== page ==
The process to review and approve an Employer Certificate generally takes between two and four months. The Certificate will also need to be re-applied for on an annual basis.
3. Apply for an employee’s Mexico work visa
Once the Employer Certificate has been issued, you will be able to apply for a Mexico work visa for employees. In order to do so, the following documentation will need to be provided to the INM in support of each employee’s application:
- The entity’s valid Employer Certificate
- An identification document for any legal representative acting on your behalf
- A copy of the identification page of the passport of the foreign employee
- Proof of the job offer
- A completed request document signed by the legal representative
As long as all is in order with the application, you will then be issued an authorization document by the INM.
4. Apply for a provisional work visa at a local consulate
With the authorization document issued, your employee will need to go in person to a local Mexican consulate to apply for a provisional visa. They will need to provide the following documentation:
- A provisional visa application form
- A copy of the INM authorization
- Their passport
- Two recent headshot photographs with white backgrounds in which they are not wearing glasses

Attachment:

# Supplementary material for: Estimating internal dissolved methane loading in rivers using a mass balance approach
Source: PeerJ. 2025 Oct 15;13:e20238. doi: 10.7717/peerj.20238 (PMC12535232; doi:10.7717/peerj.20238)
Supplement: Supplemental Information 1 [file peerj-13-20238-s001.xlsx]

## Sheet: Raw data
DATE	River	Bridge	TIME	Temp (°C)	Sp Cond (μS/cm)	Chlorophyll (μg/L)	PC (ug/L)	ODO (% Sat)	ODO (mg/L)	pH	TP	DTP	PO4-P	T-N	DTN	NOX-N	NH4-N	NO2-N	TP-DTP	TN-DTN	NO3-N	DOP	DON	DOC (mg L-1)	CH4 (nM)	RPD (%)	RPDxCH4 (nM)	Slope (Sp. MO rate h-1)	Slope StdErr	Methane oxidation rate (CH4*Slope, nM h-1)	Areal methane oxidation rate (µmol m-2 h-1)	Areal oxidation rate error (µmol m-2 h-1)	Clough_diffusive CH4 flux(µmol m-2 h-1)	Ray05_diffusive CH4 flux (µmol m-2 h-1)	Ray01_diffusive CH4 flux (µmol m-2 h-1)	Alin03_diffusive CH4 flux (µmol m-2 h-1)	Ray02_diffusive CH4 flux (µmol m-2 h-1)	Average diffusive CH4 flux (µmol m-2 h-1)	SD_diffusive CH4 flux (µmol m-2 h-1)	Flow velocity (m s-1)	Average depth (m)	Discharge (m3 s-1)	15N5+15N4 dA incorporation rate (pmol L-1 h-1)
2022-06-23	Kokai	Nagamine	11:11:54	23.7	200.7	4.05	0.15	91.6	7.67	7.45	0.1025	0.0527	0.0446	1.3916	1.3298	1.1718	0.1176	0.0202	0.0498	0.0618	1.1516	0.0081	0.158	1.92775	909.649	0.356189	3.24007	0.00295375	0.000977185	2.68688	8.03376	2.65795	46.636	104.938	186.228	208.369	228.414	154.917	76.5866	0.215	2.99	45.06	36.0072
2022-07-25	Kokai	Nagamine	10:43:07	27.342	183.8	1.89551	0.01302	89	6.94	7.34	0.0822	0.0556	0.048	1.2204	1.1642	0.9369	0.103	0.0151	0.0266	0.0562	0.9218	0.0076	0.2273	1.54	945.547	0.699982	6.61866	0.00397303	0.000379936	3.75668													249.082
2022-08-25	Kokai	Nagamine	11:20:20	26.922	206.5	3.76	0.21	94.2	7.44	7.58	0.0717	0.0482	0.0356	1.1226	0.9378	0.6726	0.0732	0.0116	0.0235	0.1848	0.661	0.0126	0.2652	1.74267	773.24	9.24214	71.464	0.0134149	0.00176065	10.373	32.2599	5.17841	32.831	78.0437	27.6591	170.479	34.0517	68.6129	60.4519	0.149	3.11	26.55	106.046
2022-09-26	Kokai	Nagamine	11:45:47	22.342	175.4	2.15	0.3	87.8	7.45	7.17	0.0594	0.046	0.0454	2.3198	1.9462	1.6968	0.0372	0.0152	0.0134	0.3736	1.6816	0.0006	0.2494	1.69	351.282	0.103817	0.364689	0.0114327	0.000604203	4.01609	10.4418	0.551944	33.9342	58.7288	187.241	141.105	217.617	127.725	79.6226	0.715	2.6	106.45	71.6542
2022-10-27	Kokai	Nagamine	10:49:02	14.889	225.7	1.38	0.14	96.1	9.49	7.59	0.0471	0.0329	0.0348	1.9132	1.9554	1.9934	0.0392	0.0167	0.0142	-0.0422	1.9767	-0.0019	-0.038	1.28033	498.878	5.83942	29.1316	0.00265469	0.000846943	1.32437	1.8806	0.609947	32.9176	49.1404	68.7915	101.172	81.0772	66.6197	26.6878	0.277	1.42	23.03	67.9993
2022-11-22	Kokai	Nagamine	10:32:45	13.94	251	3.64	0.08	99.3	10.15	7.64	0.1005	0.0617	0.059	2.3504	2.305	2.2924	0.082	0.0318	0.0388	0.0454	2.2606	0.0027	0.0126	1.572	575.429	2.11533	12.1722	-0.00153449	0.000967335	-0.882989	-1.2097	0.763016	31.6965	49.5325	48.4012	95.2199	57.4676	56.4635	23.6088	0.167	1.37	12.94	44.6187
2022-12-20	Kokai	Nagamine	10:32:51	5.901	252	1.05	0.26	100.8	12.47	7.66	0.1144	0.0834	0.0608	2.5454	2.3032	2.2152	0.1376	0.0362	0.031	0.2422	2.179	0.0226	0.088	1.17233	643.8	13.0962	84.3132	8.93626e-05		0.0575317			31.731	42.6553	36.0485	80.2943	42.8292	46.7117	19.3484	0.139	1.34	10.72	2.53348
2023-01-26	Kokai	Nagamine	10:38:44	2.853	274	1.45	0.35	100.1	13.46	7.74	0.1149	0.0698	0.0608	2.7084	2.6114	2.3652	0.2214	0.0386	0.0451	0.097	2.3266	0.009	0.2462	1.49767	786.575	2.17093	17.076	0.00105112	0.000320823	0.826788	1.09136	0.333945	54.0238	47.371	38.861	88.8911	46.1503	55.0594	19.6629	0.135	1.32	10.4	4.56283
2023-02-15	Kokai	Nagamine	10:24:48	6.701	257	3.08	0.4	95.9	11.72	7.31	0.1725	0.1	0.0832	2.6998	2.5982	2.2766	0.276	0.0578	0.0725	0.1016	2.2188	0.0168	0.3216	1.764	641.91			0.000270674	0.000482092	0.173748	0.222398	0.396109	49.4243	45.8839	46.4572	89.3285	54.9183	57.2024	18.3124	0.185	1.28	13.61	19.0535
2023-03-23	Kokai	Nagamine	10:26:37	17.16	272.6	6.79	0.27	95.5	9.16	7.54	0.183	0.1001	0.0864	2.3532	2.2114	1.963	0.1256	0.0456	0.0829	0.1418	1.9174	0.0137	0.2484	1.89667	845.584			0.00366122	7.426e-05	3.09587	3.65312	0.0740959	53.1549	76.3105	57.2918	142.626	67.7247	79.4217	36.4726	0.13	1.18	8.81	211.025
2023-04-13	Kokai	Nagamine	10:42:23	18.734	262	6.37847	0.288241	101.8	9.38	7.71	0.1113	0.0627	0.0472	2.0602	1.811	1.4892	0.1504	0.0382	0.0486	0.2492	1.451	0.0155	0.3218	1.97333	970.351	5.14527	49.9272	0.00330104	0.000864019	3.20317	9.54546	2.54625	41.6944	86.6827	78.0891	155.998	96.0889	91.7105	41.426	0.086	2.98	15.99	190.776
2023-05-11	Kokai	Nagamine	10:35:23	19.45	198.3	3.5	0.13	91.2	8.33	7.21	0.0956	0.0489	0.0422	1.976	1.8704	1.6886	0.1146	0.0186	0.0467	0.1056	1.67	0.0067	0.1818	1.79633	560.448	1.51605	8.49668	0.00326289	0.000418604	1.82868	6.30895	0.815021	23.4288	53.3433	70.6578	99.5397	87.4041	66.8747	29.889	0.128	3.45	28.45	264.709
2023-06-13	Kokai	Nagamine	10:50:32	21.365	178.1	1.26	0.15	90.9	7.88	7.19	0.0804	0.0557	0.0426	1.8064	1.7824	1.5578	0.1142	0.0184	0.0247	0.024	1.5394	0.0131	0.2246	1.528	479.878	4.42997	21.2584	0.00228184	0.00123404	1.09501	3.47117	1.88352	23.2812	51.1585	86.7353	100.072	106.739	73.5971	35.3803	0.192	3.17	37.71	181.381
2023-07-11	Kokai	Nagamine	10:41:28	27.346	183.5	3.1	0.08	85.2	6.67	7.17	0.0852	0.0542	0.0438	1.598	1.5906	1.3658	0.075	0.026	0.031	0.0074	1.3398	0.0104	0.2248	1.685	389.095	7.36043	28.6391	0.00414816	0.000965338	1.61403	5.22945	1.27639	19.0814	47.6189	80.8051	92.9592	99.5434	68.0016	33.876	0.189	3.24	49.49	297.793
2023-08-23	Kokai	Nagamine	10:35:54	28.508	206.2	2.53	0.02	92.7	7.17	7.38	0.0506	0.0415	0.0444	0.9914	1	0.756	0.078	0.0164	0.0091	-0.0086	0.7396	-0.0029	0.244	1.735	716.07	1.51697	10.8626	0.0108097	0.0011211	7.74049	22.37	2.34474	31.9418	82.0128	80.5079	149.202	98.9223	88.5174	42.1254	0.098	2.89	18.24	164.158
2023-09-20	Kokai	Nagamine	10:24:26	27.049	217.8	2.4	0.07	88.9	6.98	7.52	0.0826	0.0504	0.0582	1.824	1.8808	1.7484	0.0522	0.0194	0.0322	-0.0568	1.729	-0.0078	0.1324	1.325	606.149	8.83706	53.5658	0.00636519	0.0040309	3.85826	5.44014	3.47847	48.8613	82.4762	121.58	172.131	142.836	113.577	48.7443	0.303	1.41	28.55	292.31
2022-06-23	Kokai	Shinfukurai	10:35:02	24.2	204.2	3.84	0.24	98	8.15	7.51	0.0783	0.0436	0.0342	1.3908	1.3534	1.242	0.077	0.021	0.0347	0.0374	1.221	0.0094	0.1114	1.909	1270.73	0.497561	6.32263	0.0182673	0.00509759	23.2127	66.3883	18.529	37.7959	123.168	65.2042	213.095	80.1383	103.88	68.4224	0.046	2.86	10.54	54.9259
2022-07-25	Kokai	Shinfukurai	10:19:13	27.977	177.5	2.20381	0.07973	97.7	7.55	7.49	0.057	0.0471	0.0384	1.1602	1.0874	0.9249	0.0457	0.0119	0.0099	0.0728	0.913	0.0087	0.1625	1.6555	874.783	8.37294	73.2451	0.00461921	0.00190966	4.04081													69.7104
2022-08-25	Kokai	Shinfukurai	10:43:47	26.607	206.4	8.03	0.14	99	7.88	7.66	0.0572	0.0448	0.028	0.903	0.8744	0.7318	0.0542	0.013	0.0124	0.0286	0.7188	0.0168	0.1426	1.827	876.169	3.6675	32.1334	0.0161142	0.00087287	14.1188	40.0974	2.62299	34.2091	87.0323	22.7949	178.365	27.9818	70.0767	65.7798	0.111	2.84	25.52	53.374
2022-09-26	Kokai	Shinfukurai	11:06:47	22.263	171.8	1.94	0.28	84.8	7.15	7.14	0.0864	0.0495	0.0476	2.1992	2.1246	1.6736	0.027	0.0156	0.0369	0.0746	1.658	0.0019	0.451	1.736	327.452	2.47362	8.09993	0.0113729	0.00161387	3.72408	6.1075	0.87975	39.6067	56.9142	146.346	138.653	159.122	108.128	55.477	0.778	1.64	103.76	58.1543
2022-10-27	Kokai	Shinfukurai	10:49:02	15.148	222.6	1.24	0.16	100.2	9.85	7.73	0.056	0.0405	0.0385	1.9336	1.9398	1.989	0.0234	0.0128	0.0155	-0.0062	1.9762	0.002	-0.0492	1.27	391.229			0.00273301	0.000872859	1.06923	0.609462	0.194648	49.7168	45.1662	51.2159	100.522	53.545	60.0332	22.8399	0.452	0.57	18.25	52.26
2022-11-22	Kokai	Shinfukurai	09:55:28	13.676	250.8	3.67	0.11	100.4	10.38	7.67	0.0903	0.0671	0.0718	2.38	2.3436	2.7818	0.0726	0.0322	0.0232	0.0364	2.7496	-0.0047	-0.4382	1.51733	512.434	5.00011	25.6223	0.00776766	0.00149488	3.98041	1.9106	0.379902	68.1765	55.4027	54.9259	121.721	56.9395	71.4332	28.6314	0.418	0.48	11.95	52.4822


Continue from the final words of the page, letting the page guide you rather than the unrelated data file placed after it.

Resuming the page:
A fee of $40 will need to be paid in support of the application (all figures in USD).
Once the provisional Mexico work visa is issued, the employee will be able to travel to Mexico to apply for the visa itself.
5. Have the Mexico work visa issued
With the provisional visa issued, and having traveled to Mexico, your employee will need to visit the immigration office to have their Mexico work visa issued. This will require presentation of the following documents:
- The applicant’s passport
- A copy of the identification page of the passport
- A copy of the passport visa stamp
- A completed Multiple Migration form (both the original and a copy)
- A completed Mexico work visa application form
- Proof of fee payment
Note that this application will also come with a fee, which may vary.
6. Report to the immigration office